The renowned Cragar name, part of Bell Auto Parts, was located in the same brick building that founder George Wight built in 1928. Mr. Wight acquired the Cragar name, inventory, and patterns for the overhead valve conversion for the Model A engine in 1932 when the Cragar Corporation dissolved.

Cragar, while known to the hard-core hop ups, would soon be known around the world because of the Cragar wheel, thanks to Jot. "It was a little slow business-wise one day in 1964 when I started drawing a five-spoke wheel. Boy that looked pretty good, so I took the drawing to Roy. I said we should go with this because Mickey Thompson was selling 200 of his Radar wheels a day." (Prior to Jot sketching the Cragar S/S, an attempt at Bell Auto Parts to design and build a somewhat similar wheel was unsuccessful.)

"Weeks went on by and I kept needling Roy and said, 'how many times am I going to ask you about building the wheels before you fire me?' I had $4,500 to invest in the project, however Roy declined the offer and went on to build the first prototype."

The wheel business quickly expanded outgrowing the 2,500-square-foot Cragar side of Bell Auto, going down the street to a 6,500-square-foot building, eventually exploding the 4,000 wheels per day production into a 30,000-square-foot facility, plus the largest chrome plating facility on the West Coast, in just a few years. "They had back orders up the kazoo," Jot laughed.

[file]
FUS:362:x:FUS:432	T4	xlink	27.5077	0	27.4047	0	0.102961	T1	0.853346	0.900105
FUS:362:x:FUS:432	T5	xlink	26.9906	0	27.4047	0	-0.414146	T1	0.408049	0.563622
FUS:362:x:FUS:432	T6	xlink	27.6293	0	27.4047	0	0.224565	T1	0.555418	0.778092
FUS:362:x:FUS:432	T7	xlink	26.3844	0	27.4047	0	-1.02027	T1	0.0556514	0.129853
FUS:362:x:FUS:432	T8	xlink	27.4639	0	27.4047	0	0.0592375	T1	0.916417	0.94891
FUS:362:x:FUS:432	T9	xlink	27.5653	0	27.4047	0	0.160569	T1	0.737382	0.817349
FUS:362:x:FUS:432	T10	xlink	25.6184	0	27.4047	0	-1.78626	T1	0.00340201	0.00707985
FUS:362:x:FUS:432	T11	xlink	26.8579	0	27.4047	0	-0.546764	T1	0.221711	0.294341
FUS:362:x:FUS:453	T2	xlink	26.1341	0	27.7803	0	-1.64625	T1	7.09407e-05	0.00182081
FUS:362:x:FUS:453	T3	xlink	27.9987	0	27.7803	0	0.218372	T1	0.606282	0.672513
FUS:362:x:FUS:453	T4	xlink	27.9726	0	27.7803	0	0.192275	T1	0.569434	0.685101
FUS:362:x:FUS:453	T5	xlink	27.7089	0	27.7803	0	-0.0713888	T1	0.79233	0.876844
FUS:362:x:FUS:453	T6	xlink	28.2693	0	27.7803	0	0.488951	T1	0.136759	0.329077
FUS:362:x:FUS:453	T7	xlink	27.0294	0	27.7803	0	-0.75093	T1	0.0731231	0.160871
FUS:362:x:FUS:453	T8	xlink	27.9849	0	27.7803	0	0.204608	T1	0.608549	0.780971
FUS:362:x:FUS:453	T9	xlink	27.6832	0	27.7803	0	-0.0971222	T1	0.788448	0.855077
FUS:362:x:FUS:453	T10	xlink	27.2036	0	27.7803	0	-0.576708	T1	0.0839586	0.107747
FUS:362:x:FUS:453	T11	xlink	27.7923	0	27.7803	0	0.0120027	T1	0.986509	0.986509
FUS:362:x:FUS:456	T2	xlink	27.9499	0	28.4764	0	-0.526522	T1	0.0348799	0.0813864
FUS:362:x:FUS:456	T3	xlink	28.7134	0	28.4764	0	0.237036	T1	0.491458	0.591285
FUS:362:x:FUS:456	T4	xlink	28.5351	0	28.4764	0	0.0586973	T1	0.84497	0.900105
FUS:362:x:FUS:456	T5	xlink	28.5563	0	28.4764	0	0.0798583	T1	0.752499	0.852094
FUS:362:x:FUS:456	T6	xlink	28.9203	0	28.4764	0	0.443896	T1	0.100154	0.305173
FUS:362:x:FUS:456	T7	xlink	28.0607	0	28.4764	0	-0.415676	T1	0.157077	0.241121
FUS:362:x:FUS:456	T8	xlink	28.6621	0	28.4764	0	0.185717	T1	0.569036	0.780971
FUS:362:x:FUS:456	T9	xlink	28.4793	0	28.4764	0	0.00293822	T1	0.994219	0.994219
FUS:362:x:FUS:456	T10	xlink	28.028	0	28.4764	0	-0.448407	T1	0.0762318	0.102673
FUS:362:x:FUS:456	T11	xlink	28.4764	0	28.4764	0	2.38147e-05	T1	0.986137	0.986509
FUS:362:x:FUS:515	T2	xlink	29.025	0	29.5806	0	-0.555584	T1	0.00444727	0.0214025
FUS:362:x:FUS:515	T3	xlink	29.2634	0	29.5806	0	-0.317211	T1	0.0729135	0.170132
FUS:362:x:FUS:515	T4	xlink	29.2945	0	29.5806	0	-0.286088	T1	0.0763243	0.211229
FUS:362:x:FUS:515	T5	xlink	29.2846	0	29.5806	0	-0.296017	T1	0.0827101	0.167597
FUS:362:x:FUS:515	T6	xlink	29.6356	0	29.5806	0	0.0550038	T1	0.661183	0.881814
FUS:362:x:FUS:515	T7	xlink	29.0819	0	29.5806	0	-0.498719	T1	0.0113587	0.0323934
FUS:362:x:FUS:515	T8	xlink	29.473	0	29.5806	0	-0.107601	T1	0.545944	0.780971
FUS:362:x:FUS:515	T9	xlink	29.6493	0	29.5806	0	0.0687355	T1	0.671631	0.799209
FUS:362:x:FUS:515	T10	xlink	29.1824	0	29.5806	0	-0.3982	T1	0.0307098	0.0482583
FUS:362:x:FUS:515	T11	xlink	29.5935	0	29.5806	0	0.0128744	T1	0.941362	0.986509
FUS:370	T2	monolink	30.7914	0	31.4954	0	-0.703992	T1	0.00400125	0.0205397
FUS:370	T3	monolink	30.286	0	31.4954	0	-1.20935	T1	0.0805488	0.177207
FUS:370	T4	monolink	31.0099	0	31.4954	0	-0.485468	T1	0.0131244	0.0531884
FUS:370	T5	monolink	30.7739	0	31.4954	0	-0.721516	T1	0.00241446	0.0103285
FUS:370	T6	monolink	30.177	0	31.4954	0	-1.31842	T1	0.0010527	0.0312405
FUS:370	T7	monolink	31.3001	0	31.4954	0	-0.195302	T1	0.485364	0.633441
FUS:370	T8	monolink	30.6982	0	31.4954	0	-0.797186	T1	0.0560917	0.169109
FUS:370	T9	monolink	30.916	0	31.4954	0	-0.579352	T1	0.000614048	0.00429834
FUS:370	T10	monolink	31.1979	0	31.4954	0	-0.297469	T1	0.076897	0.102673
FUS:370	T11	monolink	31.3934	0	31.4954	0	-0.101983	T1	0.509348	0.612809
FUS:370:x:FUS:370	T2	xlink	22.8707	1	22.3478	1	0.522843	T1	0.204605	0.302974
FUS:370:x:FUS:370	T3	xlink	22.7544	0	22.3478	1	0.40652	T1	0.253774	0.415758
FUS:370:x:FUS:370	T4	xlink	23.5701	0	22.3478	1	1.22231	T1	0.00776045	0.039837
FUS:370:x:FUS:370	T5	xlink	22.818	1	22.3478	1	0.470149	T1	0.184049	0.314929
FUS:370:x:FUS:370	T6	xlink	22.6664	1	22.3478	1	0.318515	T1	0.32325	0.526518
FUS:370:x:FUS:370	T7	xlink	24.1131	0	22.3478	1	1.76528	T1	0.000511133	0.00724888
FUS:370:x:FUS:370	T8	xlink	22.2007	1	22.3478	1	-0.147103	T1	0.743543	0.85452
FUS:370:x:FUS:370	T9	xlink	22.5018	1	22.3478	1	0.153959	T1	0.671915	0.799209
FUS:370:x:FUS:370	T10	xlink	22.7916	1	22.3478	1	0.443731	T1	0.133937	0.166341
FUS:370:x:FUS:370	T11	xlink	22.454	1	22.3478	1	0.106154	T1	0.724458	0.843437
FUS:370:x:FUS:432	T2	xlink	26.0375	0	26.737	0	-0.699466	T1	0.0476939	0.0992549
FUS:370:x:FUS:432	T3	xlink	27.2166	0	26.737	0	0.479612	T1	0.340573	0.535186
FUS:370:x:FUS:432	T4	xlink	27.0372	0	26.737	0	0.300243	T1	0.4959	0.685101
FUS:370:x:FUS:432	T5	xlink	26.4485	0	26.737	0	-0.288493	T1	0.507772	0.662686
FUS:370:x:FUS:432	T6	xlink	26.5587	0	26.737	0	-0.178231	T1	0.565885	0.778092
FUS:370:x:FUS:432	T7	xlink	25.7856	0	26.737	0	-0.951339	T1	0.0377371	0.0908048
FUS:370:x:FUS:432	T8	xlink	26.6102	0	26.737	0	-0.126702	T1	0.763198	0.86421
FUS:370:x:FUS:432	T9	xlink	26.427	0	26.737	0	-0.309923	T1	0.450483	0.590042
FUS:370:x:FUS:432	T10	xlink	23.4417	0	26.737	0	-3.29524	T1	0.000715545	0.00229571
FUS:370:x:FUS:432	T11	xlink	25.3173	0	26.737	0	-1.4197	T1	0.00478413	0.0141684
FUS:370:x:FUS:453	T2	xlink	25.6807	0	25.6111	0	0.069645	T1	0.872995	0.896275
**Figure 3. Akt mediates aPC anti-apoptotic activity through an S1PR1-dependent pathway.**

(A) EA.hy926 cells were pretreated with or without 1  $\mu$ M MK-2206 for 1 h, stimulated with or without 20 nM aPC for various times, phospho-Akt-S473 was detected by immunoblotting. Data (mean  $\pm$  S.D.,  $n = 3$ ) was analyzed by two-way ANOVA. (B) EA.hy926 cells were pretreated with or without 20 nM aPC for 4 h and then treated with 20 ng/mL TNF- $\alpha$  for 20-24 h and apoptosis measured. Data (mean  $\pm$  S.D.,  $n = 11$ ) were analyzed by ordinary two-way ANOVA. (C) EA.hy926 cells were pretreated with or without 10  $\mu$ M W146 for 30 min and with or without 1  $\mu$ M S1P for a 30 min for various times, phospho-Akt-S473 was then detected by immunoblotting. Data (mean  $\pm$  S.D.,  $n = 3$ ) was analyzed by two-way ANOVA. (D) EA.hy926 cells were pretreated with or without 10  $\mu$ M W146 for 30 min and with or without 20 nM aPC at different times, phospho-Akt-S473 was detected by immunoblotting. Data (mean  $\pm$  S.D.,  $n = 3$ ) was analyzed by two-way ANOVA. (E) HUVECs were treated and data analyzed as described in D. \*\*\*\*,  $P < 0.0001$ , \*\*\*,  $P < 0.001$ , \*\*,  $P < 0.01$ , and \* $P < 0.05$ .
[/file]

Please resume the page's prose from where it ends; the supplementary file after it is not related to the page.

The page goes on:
If you're wondering if Jot got a piece of the action, he did, in a round-about way. "Roy gave me and Johnny Glew, who also worked for Roy, a third of Bell Auto Parts and Desert Dynamics that manufactured off-road equipment, which Johnny and I developed. Johnny had the design side with the off-road winch and other products and I took care of the cataloging. We manufactured winches for off-road vehicles, rollbars, push bars, and gas tanks. At the same time Bell Auto's business was slowing quite a bit, having to compete with the big speed equipment parts warehouses and Roy was consumed with the Cragar wheel and Bell helmet business."

Jot, Johnny Glew, and a fellow named Jay Bowman then sold what was left of Bell Auto Parts to Charlie Strader, Jot thought in 1979. Jot sold Desert Dynamics to Johnny Glew and Dave Bowman approximately a year later. Jot spent a brief period working for Dick Cepek (off-road) tires and wheels, then called it quits.

With his hot rod life behind him, Jot and his wife Imogene quietly retired to several acres at beautiful Oakhurst, California, in 1984, close to the south gate leading to Yosemite.